February 3, 2015
Dominic Basulto - Washington Post
If positive computing takes off, it will be because the design of new technology has somehow lost its way. Technology now makes us distracted, busy and unhappy. People are turning away from social networks and finding ways to tune out the noise around them. Technology is making us stressed rather than mindful. All of that goes against what Calvo and Peters described in the July-August 2012 issue of Interactions magazine as what should be the higher calling of technology: “to support well-being, wisdom and human potential.” And this is a theme that is now the basis for their new book, Positive Computing: Technology for Well-being and Human Potential, published by MIT Press at the end of 2014...
...In many ways, positive computing is a natural outgrowth of positive psychology, which focuses on what makes people well rather than what makes people ill. This focus on the “positive” is perhaps best exemplified by Harvard psychologists telling us how to make our kids “kind” and“happiness” showing up in the titles of TED Talks. Now it’s designers, not just psychologists, who are talking about happiness. Combine ubiquitous computing with new thinking about psychology, and you have the basis for something potentially fundamentally new: a movement that focuses on ways that technology can make lives more fulfilling.
Continue reading: Positive computing: The tech buzzword you need to know for 2015
Dominic Basulto is a futurist and blogger based in New York City.
January 12, 2015
“The Twitter account for U.S. Central Command was suspended today after it was hacked by ISIS sympathizers, a defense official told CNN.
A series of unusual tweets were published with apparent warnings from ISIS as well as links, images and Pentagon documents that reveal contact information for members of the military.
Central Command's YouTube page was also apparently hacked and contained videos of what looked like war propaganda by militant fighters.
The actions came on the same day that President Barack Obama spoke at the Federal Trade Commission about initiatives to protect the identities and privacy of U.S. citizens and to limit damages from cyberattacks.”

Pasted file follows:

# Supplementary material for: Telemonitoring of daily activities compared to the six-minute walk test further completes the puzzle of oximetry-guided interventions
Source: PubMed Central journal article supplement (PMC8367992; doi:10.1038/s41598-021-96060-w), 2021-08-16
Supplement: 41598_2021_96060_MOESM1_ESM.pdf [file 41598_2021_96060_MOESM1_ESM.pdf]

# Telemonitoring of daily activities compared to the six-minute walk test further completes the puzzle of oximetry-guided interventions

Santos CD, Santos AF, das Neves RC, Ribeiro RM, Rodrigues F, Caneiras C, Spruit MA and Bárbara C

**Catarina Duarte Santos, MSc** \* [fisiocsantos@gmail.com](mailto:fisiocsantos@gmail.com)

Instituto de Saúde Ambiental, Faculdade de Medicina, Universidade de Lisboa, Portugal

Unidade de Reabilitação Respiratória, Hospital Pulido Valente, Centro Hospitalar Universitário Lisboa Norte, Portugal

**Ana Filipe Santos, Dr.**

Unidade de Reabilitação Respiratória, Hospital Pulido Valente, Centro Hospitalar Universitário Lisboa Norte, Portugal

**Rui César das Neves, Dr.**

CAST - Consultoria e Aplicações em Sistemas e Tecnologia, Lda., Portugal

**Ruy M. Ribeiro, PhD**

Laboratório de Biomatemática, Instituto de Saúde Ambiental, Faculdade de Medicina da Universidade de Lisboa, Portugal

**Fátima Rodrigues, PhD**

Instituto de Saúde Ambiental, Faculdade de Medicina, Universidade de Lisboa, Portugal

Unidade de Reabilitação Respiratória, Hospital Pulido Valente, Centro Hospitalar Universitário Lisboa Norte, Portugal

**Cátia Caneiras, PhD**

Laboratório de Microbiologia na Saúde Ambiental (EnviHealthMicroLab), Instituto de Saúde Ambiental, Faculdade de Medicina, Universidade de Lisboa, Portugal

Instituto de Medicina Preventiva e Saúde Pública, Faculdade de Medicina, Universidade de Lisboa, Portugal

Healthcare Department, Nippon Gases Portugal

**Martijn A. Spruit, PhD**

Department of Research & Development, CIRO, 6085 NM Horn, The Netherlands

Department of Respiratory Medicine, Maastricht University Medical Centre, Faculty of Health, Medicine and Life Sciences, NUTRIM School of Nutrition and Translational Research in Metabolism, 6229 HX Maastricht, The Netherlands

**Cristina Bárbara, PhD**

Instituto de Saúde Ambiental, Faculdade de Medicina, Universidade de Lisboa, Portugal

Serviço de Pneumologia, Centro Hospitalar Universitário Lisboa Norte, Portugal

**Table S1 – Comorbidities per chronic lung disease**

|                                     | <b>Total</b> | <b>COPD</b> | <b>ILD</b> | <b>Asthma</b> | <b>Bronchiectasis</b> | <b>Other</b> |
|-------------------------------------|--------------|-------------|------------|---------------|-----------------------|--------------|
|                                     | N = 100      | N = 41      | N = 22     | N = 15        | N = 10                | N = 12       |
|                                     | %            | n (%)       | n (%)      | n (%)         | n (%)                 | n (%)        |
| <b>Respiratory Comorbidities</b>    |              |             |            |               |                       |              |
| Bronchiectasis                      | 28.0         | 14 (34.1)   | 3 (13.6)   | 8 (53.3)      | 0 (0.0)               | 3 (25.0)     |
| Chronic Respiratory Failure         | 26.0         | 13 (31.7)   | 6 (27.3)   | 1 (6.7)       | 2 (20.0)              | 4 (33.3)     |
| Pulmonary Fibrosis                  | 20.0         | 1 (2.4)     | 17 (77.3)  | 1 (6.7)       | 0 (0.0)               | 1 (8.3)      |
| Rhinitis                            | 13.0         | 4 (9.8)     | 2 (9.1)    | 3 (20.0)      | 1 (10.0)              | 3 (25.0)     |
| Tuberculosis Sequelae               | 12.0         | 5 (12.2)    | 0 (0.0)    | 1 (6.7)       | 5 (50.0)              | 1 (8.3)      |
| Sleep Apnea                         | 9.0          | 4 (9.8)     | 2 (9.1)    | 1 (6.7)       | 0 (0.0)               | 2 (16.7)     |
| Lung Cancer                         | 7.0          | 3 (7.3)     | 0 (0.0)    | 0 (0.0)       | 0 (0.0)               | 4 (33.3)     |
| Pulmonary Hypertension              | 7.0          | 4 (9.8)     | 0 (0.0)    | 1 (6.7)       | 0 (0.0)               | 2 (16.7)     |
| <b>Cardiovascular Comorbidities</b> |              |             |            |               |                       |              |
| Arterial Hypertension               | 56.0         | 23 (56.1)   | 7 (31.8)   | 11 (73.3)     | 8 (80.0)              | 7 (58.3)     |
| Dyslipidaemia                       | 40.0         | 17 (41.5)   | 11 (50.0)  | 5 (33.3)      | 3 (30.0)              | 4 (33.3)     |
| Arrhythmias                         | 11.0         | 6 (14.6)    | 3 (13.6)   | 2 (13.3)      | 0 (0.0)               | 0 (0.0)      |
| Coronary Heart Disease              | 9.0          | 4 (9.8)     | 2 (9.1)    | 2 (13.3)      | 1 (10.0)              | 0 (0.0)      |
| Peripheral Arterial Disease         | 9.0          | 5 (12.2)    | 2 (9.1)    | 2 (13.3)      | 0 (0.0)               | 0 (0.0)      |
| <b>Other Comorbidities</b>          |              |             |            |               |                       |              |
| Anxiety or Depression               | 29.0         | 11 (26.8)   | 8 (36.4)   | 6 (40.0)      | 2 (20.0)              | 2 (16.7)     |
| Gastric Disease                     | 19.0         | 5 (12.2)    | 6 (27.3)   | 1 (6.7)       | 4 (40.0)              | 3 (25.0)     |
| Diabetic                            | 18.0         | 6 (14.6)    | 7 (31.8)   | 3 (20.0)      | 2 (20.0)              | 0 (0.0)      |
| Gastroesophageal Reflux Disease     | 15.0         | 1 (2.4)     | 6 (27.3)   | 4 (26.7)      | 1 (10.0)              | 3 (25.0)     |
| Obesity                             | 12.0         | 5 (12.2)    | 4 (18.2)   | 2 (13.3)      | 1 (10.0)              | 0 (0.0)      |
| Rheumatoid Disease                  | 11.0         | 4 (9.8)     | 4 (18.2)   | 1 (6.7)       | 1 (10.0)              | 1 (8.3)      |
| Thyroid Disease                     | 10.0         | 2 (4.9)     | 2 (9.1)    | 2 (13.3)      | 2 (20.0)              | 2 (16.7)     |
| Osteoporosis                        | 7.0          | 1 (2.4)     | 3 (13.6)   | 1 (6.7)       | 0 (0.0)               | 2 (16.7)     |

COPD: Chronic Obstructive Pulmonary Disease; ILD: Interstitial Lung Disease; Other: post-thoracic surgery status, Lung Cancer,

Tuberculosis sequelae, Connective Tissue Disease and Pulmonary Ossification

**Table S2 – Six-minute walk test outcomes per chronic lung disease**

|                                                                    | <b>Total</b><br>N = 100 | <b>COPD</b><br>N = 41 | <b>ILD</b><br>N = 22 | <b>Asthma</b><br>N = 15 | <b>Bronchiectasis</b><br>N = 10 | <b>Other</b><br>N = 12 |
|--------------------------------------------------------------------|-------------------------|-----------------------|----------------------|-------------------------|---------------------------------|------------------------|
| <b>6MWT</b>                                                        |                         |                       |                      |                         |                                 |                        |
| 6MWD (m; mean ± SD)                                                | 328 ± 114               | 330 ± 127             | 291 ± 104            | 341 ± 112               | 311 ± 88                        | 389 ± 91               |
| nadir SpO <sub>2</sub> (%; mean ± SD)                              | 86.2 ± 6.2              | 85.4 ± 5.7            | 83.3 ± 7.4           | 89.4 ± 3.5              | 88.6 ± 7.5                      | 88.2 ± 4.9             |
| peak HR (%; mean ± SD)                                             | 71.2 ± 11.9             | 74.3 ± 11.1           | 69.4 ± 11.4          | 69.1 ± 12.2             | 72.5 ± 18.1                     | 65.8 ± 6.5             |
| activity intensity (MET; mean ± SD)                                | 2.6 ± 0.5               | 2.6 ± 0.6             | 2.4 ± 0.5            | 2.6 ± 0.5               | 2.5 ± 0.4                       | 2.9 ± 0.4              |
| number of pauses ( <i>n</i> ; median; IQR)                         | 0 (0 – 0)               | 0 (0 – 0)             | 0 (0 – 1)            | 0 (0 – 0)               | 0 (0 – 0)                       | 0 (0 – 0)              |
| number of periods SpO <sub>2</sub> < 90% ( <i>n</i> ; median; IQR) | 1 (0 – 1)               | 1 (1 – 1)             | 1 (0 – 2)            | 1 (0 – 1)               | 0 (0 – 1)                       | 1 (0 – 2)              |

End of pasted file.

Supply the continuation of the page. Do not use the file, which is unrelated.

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December 31, 2014
Many tend to think of biometrics as the ultimate passcode. The patterns of our irises and blood vessel in our eyes, or the whorls of our fingerprints, are held to be unhackable. And yet, our individual biological attributes must be reduced to algorithms to be useful to computers. Once reduced to a set of numbers, they are as hackable as any other complicated passcode.
Now a white hat hacker has shown he can use a photograph to reproduce the thumbprint of the German Defense Minister.
Biometrics are not a silver bullet, just another good layer of security. Comments
October 20, 2014
Such attacks can originate from many sources. The attackers are usually disgruntled employees, dissatisfied investors, unhappy customers, competitors and extortionists who are upset with a company and want to harm it.
The attacks can take many forms. Some of them are:
- Posting defamatory comments on gripe websites like Ripoff Report.
- Posting malicious and false comments on social media sites like Twitter, Facebook.
- Sending anonymous defamatory mails to customers and clients, to get them to change their perception of a company or a brand.
- Putting up false Yelp! reviews, changing Wikipedia entries to reflect false or defamatory content about company executives or brands, seeking to cause embarrassment.
- Creating blogs and websites and posting defamatory or disparaging content about someone’s reputation or brand on them.
In their book, “Digital Assassination: Protecting your Reputation, Brand or Business Against Online Attacks”, authors Mark Davis and Richard Torrenzano talk about Seven Swords that can be used to harm brands and reputations online. We will discuss one of them, which the authors call ‘evil clones’...
Continue reading on "Tips to Respond to Online Attacks on Your Brand and Reputation" on ahref.com
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